The bad news is that I have been having chest pain, and Dr. Uma will not prescribe the medications for PTSD until my regular doctor checks me out. I think I just have a touch of bronchitis, after all I live in Pittsburgh and it is Winter, and I smoke like a chimney, and in some bizarre turn of events, I took a little barefoot stroll outside the other night, and the housemates are both sick. So it is probably just bronchitis, but better safe than sorry, I suppose. I see the MD tomorrow.

Of course, there is a lot of anxiety about seeing a doctor for chest pain. Anyone would be nervous. And me? I’m pushing 50, smoke a lot, and my medications for the past 4 years have all had weight gain as a side effect. (And, believe me, I have gained weight!) Therefore, for the first time in my life, I’m also overweight. So I am worried. I’m having quite a few panic attacks, and my insomnia has shifted into high gear.

But if all is well with the MD, I’ll have the new medications, possibly before the end of the week. And new side effects. Since I don’t know the names of the new medications, I can’t research what side effects to expect. So I have stocked my nightstand with the OTC drugs that every psych patient uses to manage side effects. I put fresh sheets on the bed. I washed the two throws I keep at the foot of the bed because with my delightful hot flashes, often getting under the covers is too hot. In short, I am set up for a siege of new medication side effects.

I can not remember ever being so excited about a new medication. The hope of getting rid of the nightmares has filled me with giddy anticipation. The thought of getting a good night’s sleep-I simply have no words for that.

My insomnia is fueled by my fear of the nightmares. Often, I choose to stay awake, just so I don’t have the nightmares. I can stay awake for a couple of days at a time. That is bad for the schizophrenia, and when the schizophrenia is bad, my anxiety goes through the roof. Then my life feels so out of control that the depression kicks in hard from guilt and shame. It is the vicious cycle that creates the cage that is my life. Breaking one link in the chain feels like the start of freedom.

But this is a lot to take in.

The psychiatrist is the shaman of Western mental health. We expect him to divine our ills from the depths of his recorded notes. We expect him to shake his pill bottle rattles. We expect him to heal us body, mind, and spirit. He interprets our dreams. He probes the depths of our consciousness. He has no laboratory tests to guide him save testing blood levels of certain medications and vitamins. We expect him to walk through our damaged psyches and emerge with efficacious treatments. We expect him to fix our irreparable brokenness.

Our expectations of psychiatry are not fair. I try to balance psychiatry with spirituality. I pray daily, and I sit with my prayers waiting for blessings and answers from my Gods. (In my religion, they are called Orishas, but most people are not familiar with that word) My first set of dreadlocks did not take, so I am growing my hair to try again. This is based on an African idea that binding the hair can bind troublesome spirits to help stabilize a person. I am using all the tools my life has laid before me to find the road to wellness. So I try not to have unrealistic expectations of Dr. Uma.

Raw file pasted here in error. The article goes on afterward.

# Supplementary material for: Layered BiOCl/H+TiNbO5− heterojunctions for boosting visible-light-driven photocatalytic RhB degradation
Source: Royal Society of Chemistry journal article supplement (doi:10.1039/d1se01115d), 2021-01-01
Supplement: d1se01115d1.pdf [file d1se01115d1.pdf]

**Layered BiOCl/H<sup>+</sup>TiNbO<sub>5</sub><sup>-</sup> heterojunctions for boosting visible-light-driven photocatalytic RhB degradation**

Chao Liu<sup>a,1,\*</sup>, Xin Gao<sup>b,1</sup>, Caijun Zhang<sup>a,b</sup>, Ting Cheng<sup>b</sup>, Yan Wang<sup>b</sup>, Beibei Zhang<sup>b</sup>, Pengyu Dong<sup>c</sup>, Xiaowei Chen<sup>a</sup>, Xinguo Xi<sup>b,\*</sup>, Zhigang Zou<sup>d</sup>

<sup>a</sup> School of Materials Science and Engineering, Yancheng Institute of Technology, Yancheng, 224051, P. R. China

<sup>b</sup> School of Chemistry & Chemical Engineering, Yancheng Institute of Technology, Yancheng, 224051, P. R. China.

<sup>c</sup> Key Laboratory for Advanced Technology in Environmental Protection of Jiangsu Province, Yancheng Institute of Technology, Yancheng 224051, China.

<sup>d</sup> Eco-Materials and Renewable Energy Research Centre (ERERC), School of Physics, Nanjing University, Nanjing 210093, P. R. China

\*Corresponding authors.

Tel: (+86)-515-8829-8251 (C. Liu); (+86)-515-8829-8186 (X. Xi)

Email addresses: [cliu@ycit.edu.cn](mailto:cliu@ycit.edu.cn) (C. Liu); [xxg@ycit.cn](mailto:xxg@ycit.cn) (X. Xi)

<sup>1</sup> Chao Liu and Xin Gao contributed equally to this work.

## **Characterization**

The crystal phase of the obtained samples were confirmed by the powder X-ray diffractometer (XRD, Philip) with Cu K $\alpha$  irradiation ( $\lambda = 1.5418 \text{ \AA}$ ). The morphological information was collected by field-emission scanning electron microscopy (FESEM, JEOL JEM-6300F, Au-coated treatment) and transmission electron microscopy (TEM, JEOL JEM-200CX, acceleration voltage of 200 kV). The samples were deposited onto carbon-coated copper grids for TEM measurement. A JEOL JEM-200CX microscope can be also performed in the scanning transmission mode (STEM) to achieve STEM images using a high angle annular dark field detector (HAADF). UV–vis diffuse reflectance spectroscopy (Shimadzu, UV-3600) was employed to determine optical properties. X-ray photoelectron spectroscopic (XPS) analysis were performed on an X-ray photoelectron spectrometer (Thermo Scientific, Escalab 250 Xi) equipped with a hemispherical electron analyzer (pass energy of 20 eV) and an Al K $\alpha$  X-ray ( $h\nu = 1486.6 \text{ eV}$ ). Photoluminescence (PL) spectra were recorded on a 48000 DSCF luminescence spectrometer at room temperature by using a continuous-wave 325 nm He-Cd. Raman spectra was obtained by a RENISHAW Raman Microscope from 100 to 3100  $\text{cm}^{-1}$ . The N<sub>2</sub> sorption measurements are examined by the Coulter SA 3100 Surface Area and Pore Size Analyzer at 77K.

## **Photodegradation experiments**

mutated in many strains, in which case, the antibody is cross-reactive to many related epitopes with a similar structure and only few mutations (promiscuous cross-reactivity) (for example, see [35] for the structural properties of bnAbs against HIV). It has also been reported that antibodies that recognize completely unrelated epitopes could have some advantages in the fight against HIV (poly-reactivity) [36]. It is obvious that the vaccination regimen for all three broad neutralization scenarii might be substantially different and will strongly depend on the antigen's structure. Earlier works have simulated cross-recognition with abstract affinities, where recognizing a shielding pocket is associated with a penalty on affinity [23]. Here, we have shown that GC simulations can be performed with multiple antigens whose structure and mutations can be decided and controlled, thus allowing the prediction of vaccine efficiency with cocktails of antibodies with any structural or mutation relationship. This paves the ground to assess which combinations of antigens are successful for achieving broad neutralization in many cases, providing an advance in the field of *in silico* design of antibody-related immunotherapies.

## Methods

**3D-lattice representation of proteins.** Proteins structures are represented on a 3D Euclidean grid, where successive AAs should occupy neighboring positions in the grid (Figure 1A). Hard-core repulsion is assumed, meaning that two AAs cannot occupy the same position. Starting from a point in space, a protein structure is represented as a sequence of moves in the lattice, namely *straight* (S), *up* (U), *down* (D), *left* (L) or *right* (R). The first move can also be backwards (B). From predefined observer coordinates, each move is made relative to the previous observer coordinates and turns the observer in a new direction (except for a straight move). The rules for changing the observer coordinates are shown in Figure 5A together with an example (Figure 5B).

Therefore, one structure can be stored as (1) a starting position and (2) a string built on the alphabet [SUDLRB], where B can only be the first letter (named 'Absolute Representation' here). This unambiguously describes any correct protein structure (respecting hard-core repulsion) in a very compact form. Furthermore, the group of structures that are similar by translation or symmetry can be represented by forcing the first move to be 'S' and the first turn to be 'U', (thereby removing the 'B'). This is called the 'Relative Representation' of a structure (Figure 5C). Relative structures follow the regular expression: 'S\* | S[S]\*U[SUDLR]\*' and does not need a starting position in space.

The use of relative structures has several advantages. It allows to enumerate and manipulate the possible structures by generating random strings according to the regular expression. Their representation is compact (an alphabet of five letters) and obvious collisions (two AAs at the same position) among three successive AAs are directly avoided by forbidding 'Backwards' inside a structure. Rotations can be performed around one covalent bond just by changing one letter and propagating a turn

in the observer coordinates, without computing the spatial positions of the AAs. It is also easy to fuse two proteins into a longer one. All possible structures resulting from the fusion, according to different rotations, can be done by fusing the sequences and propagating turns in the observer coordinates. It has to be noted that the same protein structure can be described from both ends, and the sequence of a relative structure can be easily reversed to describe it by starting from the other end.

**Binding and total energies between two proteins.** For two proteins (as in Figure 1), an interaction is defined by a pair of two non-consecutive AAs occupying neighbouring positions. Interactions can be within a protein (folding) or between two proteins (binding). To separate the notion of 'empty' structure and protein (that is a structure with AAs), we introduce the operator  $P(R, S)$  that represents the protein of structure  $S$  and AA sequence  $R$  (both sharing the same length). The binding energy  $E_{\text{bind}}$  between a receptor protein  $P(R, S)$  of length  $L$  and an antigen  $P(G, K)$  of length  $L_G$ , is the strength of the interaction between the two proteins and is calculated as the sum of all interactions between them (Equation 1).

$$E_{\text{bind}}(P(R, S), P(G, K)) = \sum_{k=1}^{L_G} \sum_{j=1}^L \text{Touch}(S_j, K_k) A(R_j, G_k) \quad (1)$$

But, right now, I do have unrealistic expectations of Dr. Uma. I daydream that this pill will stop the nightmares in their tracks. I daydream that this pill will break the chains of my illness, and that I will emerge from madness miraculously whole and sound. And I know better. I know it does not work like that. I know my expectations are ridiculous, and that I am about to be disappointed. I know I should be realistic.

But I’m not going to be realistic. These unrealistic expectations are part of my illness, I know that. But they also are my manifestation of hope. And hope is like a ray of sunshine in the darkness where I dwell. I know that, as always, the reality will not live up to my fantasy. But, for now, I choose to hope.

 

Rape and Schizophrenia Are Friends

So I’m not kidding around with therapy this time. I’m there to do the deep and hard work. I’ve been seeing this therapist since October, and we have done the easy stuff-religion, my life at Four Quarters then, my life with Pete now, and the people of those times who left a mark for good or ill. (Okay, nobody actually went into the ‘left a mark for ill’ department, but concluding that took a bit of sifting.)

So while working on this easy stuff the therapist and I got to know one another. We built a relationship that would enable me to do the hard work. I trust her a lot more than I trust most people. But I also know that I can not take therapy for granted. Medical Assistance pays my therapy bill, and they could decide to stop covering therapy at any time for any reason, so the therapist and I must go hard, because we never know how much time we have.

Last week, in my appointment I talked to the therapist in depth about the date rape that preceded my current derailment. I laid out what had happened in exacting detail. Continue reading “Rape and Schizophrenia Are Friends”